From Monday’s Innovation Sandbox to Friday’s keynotes, innovation was a central theme of this year’s RSA Conference 2012 in San Francisco. As Hugh Thompson said in his final remarks, the Innovation Sandbox proved that innovation is alive and well in cybersecurity. Perhaps 2012 will indeed be, as Hugh suggested, “The Year of Innovation”.
But as the entries in the Innovation Sandbox showed, innovation is not a monolithic concept. Over the course of the week, I heard of at least three different kinds of innovation. The winner in Monday’s Innovation Sandbox fell, for me, into the category of “Big Rocks”. That is, the problem that Appthority addresses – the difficulty of assessing the security of applications in the mobile space – is a significant issue that can affect not only the personal security of individuals but also everyone’s confidence in online commerce via mobile devices. It was the importance of this issue that was cited as the primary reason why Appthority was chosen as this year’s winner. The issue that it addresses is a big one, requiring creativity and invention in its solution. Though Appthority isn’t the only capability that’s needed, both the technical innovation in Appthority and the problem it addresses are significant.
The “is this a big rock” point of view was generally voiced by the IT and enterprise representatives on the Innovation Sandbox panel of judges. The venture capitalists on the panel, on the other hand, brought the perspective of “is this a big opportunity”. Hugh had suggested in his opening remarks to the Innovation Sandbox that third-party certification of mobile applications could be a viable business. The proposal isn’t ground-breaking from a technical point of view. But it may be significant because of the opportunity for commercial success. Innovation for “big opportunities” expresses a different (though not mutually exclusive) focus in assessing the value of an innovation compared to the focus in “big rocks”.
The third area of innovation that I heard at the conference, though not particularly in the Innovation Sandbox, is “Big Ideas”. For me, the best exemplar of this was in the keynote by Sal Khan, one of the most enthusiastically received keynotes in the conference. Sal expressed what I heard as two fundamentally transformative ideas. The first of these was the core idea of Khan Academy: as he expressed it, “free world class educational videos for anyone, anywhere”. The other was the transformation of classroom education: as he put it, from a focus on fixed time with variable mastery, to fixed mastery with variable time. The prototyping of this idea in the Los Altos classroom, with its collaboration among the students, and the change of the teacher’s role to mentor rather than lecturer and grader, brought the idea to life in new and exciting ways.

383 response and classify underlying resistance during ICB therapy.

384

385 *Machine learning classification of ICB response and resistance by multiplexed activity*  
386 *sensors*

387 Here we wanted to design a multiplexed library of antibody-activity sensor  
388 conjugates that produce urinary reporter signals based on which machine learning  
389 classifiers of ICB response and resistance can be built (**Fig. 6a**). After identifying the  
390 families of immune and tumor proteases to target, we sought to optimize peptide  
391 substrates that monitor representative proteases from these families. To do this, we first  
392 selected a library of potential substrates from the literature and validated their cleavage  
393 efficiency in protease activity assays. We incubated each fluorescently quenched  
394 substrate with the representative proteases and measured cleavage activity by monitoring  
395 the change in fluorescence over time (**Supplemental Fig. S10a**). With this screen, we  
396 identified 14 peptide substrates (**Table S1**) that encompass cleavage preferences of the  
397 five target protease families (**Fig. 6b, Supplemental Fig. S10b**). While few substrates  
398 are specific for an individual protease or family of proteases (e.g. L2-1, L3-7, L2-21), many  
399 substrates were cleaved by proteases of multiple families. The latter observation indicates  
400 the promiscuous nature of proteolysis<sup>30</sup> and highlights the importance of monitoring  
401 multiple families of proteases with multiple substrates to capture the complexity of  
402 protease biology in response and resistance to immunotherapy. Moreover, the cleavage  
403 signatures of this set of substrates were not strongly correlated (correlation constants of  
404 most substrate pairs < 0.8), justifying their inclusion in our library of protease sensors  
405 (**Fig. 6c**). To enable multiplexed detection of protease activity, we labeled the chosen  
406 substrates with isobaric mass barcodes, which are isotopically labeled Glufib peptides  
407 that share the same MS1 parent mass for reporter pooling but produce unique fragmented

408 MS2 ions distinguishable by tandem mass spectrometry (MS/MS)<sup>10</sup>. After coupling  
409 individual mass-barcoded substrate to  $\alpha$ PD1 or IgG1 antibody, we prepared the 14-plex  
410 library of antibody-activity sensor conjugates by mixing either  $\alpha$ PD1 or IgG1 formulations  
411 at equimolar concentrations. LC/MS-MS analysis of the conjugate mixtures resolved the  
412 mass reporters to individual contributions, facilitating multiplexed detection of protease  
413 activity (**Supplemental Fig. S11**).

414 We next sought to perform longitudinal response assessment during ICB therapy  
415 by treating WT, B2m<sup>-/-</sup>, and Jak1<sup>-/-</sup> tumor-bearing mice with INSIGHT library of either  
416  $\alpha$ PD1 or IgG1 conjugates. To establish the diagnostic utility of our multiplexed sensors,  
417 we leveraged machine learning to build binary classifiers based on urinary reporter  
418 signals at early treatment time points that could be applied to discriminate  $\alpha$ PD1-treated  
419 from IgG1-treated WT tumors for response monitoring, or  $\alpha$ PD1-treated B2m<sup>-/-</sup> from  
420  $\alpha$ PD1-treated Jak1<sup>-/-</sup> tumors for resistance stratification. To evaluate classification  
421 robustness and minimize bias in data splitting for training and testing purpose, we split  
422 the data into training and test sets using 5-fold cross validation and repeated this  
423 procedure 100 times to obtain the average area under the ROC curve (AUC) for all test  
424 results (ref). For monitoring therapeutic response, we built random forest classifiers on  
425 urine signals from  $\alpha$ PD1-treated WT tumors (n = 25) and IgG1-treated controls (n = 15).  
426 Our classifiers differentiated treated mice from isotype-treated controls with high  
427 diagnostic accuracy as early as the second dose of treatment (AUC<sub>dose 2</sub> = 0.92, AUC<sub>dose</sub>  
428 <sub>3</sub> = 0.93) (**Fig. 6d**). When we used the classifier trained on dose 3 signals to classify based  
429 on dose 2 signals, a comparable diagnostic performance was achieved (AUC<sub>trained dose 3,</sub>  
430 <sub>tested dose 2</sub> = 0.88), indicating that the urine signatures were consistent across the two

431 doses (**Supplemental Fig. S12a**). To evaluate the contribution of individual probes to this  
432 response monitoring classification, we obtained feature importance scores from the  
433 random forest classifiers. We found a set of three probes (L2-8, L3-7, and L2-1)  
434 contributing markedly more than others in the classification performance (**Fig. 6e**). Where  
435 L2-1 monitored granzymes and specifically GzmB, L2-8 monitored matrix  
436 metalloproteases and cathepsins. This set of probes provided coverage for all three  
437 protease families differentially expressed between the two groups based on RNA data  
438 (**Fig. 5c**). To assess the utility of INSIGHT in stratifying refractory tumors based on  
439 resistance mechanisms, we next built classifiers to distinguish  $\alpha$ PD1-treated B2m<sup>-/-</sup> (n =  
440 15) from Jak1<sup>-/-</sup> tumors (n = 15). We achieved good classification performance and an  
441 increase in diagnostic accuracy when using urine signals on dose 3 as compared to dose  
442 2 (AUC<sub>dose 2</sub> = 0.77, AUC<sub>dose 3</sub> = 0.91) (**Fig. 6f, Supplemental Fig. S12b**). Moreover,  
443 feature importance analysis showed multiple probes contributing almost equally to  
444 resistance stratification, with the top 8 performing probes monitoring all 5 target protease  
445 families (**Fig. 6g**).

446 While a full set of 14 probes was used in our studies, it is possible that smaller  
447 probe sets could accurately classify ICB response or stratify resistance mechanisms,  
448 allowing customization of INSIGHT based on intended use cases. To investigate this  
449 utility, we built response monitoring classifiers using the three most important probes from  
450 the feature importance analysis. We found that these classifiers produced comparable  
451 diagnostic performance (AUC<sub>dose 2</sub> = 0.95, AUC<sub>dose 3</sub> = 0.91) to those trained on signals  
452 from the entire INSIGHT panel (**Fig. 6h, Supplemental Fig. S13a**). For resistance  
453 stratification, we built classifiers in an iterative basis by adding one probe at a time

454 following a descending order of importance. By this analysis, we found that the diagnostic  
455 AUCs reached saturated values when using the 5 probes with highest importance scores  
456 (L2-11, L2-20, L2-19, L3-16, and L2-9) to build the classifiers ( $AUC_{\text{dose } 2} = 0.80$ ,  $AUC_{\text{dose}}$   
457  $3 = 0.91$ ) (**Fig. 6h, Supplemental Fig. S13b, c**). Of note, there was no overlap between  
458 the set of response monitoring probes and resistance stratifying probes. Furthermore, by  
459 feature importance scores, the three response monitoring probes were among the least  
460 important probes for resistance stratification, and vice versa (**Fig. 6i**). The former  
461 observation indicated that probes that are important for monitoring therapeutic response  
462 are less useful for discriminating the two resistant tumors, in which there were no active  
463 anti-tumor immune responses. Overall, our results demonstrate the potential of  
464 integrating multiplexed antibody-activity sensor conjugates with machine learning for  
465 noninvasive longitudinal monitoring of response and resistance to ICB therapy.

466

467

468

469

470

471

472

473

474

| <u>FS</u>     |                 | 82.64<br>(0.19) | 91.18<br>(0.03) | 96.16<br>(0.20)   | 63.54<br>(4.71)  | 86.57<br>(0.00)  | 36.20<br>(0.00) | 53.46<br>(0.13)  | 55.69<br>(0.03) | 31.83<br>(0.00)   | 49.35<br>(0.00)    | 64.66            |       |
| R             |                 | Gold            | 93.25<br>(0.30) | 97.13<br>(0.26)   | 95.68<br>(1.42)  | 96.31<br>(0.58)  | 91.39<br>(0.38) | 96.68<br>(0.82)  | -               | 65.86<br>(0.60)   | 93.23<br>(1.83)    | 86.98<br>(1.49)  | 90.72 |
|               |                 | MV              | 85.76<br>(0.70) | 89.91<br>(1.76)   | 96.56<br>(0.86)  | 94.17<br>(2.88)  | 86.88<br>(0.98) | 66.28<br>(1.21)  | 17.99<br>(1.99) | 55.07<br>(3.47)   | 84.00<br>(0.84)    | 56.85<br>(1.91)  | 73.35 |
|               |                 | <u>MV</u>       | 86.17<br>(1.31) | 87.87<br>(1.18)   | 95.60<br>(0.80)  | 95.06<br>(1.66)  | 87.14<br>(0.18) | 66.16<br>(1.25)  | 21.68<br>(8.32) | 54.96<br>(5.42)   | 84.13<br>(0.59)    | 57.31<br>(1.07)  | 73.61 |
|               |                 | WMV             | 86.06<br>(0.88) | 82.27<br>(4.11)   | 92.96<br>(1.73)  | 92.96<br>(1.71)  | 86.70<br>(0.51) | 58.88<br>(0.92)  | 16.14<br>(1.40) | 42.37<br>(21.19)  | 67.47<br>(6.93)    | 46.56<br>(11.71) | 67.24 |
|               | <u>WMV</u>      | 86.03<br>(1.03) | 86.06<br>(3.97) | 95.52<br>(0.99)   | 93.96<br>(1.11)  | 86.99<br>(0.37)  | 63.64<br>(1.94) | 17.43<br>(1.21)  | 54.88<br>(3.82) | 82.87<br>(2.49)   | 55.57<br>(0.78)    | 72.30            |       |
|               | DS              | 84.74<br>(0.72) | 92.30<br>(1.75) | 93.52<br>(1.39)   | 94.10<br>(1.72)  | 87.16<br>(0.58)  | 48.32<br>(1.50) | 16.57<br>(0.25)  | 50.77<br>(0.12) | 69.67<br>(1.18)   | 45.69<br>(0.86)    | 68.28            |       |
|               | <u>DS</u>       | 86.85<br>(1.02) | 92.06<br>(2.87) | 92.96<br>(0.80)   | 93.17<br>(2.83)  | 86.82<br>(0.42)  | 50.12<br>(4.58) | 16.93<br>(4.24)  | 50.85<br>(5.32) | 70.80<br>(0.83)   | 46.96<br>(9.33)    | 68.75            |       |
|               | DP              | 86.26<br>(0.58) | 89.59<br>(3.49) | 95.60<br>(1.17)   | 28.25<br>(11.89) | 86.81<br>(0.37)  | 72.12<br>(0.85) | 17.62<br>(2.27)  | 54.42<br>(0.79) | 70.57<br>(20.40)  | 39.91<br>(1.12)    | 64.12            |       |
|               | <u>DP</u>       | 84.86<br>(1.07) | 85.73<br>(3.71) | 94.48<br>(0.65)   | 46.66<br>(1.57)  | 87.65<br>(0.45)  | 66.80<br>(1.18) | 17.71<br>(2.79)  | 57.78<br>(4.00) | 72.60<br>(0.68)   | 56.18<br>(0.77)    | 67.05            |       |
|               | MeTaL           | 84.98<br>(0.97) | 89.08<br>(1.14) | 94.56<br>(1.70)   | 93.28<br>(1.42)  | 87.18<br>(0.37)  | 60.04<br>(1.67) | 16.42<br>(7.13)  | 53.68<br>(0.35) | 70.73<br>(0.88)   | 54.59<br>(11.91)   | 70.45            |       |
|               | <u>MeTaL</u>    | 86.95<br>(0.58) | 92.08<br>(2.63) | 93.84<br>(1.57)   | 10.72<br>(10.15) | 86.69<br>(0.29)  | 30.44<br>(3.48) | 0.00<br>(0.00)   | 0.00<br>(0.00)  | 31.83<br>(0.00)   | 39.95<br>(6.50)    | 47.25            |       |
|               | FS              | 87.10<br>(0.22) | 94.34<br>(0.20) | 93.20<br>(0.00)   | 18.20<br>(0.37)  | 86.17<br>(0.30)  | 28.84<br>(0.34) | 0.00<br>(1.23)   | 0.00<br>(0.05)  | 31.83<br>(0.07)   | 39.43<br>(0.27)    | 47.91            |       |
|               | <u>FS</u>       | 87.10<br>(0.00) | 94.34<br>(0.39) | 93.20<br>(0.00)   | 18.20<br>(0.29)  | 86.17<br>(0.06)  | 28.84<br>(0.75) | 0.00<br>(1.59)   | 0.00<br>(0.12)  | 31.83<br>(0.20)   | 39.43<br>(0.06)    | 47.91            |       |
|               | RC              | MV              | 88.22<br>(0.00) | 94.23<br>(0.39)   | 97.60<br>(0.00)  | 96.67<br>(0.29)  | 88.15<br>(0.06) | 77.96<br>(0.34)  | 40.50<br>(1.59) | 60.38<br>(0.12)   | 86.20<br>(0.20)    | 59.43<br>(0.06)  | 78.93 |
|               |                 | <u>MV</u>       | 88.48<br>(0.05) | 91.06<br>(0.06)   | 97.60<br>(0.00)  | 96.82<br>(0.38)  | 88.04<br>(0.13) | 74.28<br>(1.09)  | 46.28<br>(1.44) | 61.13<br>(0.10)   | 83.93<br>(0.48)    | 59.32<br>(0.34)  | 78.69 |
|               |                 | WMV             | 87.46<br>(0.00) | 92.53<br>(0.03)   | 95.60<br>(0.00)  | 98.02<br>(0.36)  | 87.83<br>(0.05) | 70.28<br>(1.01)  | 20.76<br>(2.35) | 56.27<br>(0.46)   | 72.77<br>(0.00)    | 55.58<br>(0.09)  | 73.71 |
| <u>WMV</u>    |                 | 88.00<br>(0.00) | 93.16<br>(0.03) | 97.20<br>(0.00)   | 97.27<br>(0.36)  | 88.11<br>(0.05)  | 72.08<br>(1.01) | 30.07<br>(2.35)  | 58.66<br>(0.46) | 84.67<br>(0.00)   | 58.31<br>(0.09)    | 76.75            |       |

Recognizing the different kinds of innovation can help in understanding what you are trying to accomplish. But in one respect, all innovations that I saw at the conference were fundamentally similar: that is, even if the innovation clears away an old model, as Sal Khan did in Los Altos, the innovation is fundamentally constructive. They create new solutions to significant problems; they create value in addressing major opportunities; they transform educational models, security paradigms, and old ways of doing business.
This constructiveness in the innovations at the conference seems to me a much more effective way of thinking about our roles as security professionals than the hawk/dove paradigm that was suggested in the HP keynote. In preparing the foundation for a new building, you clear away the old cement and steel girders. But the goal is to build a new structure. And that constructiveness is our role as well, a role in stark contrast to the destructive forces that we are striving to combat.
“Why would anyone want to destroy my laptop?” my daughter asked me when we were confronted with an infection that turned her computer to a brick. I don’t know the answer to that question. But I do know that what we are doing in cybersecurity is not only trying to prevent that destruction. We are builders, at the best of times infused with that sense of purpose that Art Coviello called for in his keynote. We are participating in the very biggest of big ideas, pushing the biggest of the big rocks, addressing the most essential of all opportunities: protecting the trust that underlies our economy, our political institutions and our personal relationships.